Mark Strand, 1979
POETRY MISCELLANY: In "Notes on the Craft of Poetry" ( Antaeus), you mention that poems seem to have a tautological existence: "A poem is itself and is the act by which it is born; it is self-referential and is not necessarily preceded by any known order." This, you say, provides what Stevens calls a motive for metaphor--"Perhaps the poem is ultimately a metaphor for something unknown, its working out a means of recovery. It may be that the relation of the absent origin is what is necessary for the continued life of the poem as inexhaustible artifact." In fact, the man in your poem "Inside the Story" faces the impossibility of achieving an absent origin in a dream. He cannot fully remember the experience, and toward the end, "He stood in the absence of what he had known / and waited, and when he woke / the room was empty."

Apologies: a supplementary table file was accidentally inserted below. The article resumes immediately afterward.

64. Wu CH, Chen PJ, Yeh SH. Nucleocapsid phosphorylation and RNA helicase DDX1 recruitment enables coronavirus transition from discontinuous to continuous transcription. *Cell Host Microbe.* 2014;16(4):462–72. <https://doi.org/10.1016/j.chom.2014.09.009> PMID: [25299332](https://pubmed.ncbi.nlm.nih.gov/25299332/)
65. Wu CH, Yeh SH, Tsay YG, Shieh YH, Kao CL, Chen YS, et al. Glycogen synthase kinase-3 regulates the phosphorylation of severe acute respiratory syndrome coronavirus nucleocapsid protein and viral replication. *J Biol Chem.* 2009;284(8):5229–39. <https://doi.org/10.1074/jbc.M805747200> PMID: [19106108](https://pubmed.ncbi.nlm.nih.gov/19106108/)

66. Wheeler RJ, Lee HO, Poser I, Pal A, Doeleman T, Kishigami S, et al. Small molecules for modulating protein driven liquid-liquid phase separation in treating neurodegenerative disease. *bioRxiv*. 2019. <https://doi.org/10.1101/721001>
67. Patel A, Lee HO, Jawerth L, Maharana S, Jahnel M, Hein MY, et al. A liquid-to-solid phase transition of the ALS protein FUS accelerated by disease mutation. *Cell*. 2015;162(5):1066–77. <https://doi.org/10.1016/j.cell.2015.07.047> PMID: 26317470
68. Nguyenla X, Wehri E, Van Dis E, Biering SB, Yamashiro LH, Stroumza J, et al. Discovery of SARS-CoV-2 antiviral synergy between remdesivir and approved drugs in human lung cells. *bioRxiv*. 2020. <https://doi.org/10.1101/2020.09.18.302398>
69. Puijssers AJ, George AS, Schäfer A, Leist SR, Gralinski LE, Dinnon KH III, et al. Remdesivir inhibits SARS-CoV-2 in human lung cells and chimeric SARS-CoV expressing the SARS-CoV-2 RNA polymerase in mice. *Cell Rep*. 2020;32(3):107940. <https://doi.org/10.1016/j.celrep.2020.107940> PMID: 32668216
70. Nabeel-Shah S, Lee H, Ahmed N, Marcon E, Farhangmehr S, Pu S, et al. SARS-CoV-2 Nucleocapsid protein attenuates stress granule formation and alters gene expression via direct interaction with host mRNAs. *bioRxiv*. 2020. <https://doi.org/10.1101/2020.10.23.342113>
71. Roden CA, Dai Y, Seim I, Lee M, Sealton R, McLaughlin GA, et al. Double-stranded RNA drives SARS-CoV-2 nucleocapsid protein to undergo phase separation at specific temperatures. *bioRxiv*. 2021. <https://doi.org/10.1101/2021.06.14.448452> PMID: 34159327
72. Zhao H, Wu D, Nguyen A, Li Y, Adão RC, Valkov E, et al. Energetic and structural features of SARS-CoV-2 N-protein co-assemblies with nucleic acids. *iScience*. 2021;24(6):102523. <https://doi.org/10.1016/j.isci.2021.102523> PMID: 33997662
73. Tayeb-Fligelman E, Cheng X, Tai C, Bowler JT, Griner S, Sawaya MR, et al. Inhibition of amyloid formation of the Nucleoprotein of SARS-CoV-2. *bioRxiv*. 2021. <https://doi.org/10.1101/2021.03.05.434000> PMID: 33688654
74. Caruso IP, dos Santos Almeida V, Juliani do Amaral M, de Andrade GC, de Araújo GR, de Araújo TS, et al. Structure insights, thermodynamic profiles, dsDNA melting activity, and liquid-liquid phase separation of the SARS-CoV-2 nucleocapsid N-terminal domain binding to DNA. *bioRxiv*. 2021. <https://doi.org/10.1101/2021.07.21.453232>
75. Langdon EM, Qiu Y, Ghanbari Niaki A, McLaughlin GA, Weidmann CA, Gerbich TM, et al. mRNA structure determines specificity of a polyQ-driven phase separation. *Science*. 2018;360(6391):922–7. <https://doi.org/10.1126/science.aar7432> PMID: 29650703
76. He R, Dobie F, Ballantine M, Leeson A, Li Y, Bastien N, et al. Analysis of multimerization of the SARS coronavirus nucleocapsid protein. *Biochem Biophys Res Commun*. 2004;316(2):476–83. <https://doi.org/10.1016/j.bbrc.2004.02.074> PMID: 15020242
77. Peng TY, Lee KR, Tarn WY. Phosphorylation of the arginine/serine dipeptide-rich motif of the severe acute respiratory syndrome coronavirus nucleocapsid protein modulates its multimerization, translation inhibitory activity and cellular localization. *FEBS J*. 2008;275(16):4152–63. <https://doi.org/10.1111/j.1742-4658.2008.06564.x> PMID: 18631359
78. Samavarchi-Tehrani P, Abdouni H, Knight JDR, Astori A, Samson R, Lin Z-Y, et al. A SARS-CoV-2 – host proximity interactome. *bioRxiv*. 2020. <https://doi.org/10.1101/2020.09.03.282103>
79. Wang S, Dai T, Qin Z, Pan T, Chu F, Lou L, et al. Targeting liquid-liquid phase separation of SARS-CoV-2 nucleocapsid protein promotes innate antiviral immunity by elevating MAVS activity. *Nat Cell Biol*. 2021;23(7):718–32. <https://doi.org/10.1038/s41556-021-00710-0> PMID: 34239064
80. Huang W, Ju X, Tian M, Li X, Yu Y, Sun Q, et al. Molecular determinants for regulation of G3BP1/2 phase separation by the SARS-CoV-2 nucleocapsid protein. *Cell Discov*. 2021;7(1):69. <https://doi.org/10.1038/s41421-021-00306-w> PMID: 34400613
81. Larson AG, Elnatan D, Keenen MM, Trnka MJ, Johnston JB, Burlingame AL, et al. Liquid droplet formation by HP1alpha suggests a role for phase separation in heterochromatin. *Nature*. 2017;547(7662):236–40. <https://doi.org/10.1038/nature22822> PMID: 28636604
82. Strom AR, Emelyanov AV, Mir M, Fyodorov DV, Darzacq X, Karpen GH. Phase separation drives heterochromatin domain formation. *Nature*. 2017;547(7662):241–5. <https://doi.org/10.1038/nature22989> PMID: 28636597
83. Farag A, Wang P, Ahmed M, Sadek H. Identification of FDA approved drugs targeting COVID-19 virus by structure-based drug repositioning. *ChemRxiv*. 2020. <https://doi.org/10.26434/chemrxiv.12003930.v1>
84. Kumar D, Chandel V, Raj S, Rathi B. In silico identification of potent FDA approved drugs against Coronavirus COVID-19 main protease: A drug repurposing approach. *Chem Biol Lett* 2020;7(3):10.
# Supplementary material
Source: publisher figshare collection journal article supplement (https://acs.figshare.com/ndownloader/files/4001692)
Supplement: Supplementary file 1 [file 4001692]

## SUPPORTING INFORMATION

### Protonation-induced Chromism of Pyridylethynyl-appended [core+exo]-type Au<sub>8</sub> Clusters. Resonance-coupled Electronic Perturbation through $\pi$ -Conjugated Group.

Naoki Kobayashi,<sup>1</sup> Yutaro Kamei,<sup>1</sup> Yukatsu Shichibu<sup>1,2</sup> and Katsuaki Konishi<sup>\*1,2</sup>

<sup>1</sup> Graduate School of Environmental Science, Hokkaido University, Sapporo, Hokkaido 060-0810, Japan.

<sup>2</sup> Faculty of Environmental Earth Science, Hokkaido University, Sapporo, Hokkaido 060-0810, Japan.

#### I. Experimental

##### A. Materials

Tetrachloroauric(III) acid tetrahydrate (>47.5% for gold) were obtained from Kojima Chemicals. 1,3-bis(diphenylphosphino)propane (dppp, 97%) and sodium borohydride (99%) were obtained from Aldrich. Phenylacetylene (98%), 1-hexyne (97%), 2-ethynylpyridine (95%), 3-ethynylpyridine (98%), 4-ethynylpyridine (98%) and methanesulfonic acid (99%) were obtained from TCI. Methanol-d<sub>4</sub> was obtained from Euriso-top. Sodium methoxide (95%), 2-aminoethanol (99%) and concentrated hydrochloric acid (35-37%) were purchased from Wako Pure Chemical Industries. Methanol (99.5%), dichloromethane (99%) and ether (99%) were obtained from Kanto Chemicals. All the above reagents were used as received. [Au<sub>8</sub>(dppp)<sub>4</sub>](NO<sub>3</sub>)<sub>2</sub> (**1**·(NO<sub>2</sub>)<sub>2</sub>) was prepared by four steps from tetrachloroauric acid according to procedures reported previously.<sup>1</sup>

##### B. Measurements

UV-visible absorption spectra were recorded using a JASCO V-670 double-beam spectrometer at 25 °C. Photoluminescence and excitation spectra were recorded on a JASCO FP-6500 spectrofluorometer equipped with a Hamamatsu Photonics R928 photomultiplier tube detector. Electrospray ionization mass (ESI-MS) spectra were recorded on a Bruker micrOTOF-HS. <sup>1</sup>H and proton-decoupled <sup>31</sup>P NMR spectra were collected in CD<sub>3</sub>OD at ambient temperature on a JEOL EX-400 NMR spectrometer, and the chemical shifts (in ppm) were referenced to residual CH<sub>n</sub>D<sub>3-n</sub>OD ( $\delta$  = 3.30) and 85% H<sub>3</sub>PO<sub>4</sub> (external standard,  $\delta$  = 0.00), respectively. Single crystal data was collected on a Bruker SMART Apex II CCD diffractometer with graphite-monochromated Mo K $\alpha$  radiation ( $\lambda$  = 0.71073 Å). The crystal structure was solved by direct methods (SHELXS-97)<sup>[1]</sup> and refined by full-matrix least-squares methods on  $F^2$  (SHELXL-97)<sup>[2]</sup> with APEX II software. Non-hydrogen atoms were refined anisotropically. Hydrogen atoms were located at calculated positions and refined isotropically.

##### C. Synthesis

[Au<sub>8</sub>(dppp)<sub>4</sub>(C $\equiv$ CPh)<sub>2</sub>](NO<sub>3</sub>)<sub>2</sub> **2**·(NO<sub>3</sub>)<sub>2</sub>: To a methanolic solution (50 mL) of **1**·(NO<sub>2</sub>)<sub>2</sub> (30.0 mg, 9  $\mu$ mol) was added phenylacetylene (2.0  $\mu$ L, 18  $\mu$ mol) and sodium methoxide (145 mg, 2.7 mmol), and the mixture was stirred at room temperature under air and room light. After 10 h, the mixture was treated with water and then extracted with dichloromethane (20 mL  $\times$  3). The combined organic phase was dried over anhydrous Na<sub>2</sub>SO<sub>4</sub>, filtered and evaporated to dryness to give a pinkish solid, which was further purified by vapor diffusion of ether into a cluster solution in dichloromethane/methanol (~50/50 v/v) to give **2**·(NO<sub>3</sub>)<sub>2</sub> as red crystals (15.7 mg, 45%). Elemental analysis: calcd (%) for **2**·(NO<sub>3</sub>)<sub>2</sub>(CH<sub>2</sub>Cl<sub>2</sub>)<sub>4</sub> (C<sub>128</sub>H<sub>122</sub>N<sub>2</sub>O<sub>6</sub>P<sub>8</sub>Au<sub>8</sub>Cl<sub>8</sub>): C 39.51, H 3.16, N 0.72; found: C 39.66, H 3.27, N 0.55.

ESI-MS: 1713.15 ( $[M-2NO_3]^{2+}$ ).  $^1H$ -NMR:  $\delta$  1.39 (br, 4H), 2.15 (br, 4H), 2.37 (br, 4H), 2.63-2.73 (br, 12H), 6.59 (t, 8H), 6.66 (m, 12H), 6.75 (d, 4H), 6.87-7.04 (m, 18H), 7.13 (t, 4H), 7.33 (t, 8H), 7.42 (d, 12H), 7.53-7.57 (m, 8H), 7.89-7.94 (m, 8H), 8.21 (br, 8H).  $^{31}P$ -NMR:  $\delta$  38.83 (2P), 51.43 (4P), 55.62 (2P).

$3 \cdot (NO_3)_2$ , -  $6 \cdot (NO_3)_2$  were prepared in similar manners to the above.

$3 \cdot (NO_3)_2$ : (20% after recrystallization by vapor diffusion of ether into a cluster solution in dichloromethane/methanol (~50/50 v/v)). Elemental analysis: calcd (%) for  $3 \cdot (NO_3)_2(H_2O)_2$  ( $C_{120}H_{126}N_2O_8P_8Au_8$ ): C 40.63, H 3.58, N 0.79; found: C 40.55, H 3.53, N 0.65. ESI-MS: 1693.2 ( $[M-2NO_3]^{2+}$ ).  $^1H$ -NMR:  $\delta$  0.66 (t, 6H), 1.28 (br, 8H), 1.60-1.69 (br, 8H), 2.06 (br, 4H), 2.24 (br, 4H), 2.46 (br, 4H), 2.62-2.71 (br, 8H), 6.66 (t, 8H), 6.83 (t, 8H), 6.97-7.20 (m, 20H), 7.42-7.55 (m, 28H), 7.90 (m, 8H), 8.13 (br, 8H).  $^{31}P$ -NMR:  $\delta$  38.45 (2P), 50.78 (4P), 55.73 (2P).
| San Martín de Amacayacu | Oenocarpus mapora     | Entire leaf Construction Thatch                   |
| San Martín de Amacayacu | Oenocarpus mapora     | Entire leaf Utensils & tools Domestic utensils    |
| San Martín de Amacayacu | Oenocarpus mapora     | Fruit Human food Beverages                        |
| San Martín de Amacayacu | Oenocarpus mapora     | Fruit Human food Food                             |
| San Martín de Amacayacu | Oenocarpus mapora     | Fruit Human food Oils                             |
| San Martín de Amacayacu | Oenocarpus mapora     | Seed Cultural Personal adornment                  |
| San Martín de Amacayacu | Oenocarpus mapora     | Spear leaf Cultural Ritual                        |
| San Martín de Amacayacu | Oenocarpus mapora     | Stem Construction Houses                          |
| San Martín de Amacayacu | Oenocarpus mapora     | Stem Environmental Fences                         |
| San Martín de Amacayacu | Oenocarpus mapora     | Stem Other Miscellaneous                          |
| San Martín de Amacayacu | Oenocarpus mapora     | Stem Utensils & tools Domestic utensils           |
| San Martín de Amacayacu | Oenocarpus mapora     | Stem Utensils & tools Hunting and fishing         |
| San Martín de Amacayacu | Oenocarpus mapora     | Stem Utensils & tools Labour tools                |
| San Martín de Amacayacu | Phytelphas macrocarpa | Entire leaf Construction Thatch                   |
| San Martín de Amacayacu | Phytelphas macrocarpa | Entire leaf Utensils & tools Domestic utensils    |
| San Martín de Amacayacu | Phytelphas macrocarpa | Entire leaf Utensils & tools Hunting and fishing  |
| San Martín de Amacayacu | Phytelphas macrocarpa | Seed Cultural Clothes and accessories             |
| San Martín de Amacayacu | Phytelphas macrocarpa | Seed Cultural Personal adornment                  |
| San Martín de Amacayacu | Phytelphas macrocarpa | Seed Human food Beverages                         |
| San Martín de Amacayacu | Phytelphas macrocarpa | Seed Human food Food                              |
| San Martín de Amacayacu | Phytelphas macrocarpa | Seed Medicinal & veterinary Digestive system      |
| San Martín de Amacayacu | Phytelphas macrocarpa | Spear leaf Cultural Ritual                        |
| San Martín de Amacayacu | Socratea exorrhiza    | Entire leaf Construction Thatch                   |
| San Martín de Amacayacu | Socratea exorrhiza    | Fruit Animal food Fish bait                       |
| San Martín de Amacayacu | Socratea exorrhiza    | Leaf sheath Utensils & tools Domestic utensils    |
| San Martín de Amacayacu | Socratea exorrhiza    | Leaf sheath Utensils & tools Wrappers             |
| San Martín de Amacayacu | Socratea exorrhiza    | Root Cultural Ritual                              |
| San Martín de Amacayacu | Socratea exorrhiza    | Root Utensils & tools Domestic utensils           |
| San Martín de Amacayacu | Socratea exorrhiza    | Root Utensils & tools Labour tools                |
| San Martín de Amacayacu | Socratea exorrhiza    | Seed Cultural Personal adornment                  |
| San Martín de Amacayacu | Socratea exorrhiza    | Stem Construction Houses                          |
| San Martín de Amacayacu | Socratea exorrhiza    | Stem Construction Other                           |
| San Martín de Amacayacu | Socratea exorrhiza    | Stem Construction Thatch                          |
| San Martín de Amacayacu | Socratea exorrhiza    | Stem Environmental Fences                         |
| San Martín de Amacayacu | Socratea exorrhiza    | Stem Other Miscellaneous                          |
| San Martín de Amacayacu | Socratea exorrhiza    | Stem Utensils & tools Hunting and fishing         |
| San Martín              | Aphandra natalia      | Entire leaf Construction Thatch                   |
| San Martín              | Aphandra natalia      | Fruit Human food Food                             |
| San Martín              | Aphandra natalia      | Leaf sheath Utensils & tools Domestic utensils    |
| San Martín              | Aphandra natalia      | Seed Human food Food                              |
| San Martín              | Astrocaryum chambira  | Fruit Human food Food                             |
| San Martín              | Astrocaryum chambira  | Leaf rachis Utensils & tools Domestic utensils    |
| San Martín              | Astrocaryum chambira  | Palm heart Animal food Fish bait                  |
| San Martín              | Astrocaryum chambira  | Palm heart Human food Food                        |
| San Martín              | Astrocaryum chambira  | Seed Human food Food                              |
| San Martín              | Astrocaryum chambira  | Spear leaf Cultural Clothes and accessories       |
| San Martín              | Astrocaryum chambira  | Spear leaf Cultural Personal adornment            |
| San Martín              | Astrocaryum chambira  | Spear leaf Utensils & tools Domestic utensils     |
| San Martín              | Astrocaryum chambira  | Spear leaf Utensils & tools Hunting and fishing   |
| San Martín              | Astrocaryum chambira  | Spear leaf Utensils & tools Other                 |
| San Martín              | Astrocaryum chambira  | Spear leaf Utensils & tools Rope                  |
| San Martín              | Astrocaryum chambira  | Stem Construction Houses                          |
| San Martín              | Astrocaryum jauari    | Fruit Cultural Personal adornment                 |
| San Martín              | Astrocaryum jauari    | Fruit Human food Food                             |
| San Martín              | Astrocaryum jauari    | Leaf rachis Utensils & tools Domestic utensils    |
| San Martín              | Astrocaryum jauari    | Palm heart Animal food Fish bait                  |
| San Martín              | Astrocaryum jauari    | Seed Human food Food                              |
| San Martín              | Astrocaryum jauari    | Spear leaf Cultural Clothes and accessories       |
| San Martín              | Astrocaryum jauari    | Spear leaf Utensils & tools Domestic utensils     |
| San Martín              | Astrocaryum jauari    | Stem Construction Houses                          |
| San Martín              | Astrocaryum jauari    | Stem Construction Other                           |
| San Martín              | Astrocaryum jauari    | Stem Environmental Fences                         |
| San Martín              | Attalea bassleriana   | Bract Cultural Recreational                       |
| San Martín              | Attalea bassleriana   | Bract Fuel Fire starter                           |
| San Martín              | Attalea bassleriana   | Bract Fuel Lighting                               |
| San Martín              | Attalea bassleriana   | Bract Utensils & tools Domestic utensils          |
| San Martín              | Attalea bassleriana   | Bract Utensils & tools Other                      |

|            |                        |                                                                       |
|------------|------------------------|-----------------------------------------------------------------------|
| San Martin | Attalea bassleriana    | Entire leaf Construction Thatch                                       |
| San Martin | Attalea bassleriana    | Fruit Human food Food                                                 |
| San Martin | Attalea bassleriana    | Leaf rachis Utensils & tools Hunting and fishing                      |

MARK STRAND: I think when I talk about the absent origin I mean the mystery that is entailed in the making of anything and that is preserved even after the thing is made. I believe that we never know what the source of a poem is ultimately. Part of a good poem is the discovery of this, and that moment of discovery is a moment of loss. We discover that we can never really go back, as the writer can never get back to the original story in "The Untelling." To a certain extent, the act of writing is itself a metaphor for the way we relate to the hidden sources of our own lives. A truly exciting poem has something evasive or mysterious at the core, and it succeeds in suggest-